I have just arrived back from a great trip back to the UK.  I had a fantastic time visiting my mum right up in the north of Scotland and my son and his family right down in Kent in the south east of England.  

Arriving back in Samos I realised I needed my sunglasses again.  The warmth and brightness of Greece, even in the end of November makes me smile.  I love England but I love sunshine too.  Sunshine makes me smile.

I thought I would tell you a little bit about Samos.

We are in the marina just outside the village of Pythagorio.  Yes it is named after Pythagoras who was born here over 2500 years ago.

The village is one of the most beautiful you will see.  It has beautiful cobbled streets, olive trees and orange trees cascading over the paths, tavernas lining the seafront and treks up to ancient ruins of the Temple of Hera and the Tunnel of Efpalinosin in the hills behind.

Even in December this place is beautiful, warm, friendly, clean, tidy and peaceful.

During the summer we spend most of our time on anchor because the towns are just too busy.  The marinas are often out of town but very expensive to stay during the season.  Surprisingly, Samos marina is not very busy and it is affordable for us to stay for a few months over the winter.  We have booked in for three months.  We have water, we have electric and we have showers and a washing machine. What more could you wish for? 

In the photo below you can see Turkey on the horizon.

The marina is the most tranquil we have found.  It lies about just under a mile from the village and the road is around the back so no cars and bikes racing up and down behind the boats.  There are only a few crews staying for the winter here and just one or two members of staff occasionally here.  There is lift out facilities but there is not much happening in the way of boat repairs.  So it is quiet and peaceful

The marina entrance is to the East and a large wall provides protection from the south.   Just a mile away is the rugged coast of Turkey.  We can already see that it is going to be a lot calmer than Leros.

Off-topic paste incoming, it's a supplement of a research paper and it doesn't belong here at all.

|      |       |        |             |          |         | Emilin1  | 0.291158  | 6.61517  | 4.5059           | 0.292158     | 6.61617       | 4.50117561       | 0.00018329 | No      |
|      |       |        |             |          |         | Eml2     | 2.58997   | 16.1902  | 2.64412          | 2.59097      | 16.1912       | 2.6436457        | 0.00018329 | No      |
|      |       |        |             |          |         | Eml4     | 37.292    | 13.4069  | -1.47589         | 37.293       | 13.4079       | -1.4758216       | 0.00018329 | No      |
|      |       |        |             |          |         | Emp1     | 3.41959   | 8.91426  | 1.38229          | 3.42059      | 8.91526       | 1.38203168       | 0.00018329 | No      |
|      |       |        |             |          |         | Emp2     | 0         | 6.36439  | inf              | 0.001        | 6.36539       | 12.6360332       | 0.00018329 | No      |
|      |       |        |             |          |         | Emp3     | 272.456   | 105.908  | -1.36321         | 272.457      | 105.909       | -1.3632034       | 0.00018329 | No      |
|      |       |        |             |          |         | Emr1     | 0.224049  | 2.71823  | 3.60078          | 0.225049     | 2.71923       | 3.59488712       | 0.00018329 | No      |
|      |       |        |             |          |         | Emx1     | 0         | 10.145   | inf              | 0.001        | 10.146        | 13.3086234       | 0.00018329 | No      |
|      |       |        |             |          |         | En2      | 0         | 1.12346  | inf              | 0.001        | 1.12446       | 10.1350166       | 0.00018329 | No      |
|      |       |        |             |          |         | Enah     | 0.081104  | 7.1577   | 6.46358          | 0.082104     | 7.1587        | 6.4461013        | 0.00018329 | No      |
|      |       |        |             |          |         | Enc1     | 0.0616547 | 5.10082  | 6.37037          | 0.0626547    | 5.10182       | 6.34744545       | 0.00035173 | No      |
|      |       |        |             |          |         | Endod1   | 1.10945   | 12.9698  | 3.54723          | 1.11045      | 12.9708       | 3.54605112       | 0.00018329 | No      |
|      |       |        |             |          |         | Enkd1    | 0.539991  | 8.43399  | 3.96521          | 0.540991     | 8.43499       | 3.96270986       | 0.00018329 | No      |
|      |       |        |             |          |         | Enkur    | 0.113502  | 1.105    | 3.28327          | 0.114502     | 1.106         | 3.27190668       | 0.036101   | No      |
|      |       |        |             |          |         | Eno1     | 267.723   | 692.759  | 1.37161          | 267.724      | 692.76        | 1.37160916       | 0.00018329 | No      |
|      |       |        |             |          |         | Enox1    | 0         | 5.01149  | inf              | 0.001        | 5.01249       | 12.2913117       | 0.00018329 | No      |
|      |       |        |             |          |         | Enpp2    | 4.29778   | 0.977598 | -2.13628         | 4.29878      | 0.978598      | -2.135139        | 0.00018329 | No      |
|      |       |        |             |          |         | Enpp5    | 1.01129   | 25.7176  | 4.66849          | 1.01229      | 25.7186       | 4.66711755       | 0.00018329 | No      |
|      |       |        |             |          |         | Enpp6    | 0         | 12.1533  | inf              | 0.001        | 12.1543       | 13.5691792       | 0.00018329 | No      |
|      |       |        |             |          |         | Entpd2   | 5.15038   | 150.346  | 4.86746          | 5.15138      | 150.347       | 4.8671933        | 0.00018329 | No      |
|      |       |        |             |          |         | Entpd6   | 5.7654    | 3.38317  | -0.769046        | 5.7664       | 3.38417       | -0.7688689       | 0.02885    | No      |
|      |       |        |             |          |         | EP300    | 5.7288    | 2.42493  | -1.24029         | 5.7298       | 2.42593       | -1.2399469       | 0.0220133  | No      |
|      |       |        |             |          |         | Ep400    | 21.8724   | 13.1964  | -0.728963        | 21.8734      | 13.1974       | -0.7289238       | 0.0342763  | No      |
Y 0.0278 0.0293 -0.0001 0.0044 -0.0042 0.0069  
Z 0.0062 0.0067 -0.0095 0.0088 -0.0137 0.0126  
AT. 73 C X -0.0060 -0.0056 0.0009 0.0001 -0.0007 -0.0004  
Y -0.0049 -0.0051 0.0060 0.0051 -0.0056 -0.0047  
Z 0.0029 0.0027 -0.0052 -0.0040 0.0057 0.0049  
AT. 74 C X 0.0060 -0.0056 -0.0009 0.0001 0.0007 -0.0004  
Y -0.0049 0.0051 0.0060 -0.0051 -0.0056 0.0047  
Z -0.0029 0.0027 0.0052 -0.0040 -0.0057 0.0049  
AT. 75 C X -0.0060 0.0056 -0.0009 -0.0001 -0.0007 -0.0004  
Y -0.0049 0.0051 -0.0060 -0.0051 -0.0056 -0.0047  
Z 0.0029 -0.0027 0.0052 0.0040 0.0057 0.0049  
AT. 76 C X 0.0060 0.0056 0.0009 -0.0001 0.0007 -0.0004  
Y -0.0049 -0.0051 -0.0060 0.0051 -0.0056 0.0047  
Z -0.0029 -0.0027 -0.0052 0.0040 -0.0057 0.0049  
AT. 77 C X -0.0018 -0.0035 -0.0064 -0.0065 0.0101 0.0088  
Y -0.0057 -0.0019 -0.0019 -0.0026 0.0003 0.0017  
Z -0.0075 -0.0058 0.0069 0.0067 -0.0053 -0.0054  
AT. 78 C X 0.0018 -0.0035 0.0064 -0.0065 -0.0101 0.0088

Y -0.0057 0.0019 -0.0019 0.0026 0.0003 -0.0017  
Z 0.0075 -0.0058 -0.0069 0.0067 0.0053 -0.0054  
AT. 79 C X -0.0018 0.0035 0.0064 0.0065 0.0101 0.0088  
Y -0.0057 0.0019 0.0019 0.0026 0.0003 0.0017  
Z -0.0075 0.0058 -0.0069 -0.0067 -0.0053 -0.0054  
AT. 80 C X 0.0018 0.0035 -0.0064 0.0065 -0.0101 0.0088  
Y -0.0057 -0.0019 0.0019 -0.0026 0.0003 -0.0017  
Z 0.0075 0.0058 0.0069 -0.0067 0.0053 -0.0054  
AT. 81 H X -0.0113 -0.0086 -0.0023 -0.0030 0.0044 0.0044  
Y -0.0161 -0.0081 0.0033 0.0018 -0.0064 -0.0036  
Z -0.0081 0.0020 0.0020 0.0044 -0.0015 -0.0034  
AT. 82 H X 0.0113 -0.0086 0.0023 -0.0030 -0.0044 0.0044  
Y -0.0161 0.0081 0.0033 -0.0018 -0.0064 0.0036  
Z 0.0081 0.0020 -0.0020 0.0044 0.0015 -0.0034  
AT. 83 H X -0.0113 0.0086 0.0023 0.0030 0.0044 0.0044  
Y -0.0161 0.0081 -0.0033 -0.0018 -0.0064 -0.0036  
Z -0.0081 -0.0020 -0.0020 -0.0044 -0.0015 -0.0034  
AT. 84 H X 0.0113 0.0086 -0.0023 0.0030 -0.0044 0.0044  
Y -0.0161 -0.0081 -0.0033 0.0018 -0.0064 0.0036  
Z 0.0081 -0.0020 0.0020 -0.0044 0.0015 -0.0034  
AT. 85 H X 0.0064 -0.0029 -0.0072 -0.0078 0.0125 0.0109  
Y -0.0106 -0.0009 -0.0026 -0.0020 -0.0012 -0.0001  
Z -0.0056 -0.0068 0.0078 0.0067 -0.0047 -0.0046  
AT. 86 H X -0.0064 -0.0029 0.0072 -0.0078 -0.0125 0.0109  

There is a butcher, fruit and veg shop and mini market in the village so we can walk around to shop and if we need heavy items like water or wine we can get a taxi back for five euros.  We have heard there is a supermarket on the island but we will need to hire a car to travel further afield so we will check that out during our stay.

With this side of the island being all peace and tranquility we know that the other side of the island has a different story to tell.  Samos is home to one of the big refugee camps of Greece.  The camp, built just outside the town of Vathi, was built for 600 people and currently it holds over 6000.  With people living in tents with very few facilities it is vastly overcrowded, dirty and depressing.  I understand that new refugees are brought to the camp and must stay for a month while their details are processed.  After that, they are free to leave the camp to visit the town but they have to stay in the area for up to a year whilst waiting for papers to move on. 

My first thought is how different our lives are, me sitting in the sunshine in a beautiful bay while just over the hill they sit in the same sunshine looking out on 1000 tents, heaps of debris, with not enough water or food. 

I am starting next week volunteering with one of the charities who work with the refugees.  I am not sure I will be able to help with homeopathy so I expect I will be helping distribute food, water, clothing, blankets and tents.  I will keep you posted with what we are doing and with the situation at the moment here in Greece.

We are Free to Sail 57

We are Free to Sail 57

We are back on anchor and free to sail.  (In the image above is the bay we are now sitting in). Well that is the theory anyway!  In reality we need to do another shop and we need to pick up a parcel that hasn’t arrived yet So in the meantime we can test all of our...

The Sunday Lunch Club 56

The Sunday Lunch Club 56

Overwintering on a boat in Samos Marina, on the beautiful Greek island of Samos could be quite a lonely affair if it wasn’t for the live-aboard community, let’s refer to them as the ‘exuberant partakers of the odd libation’.... so one naturally forms, The Sunday Lunch...


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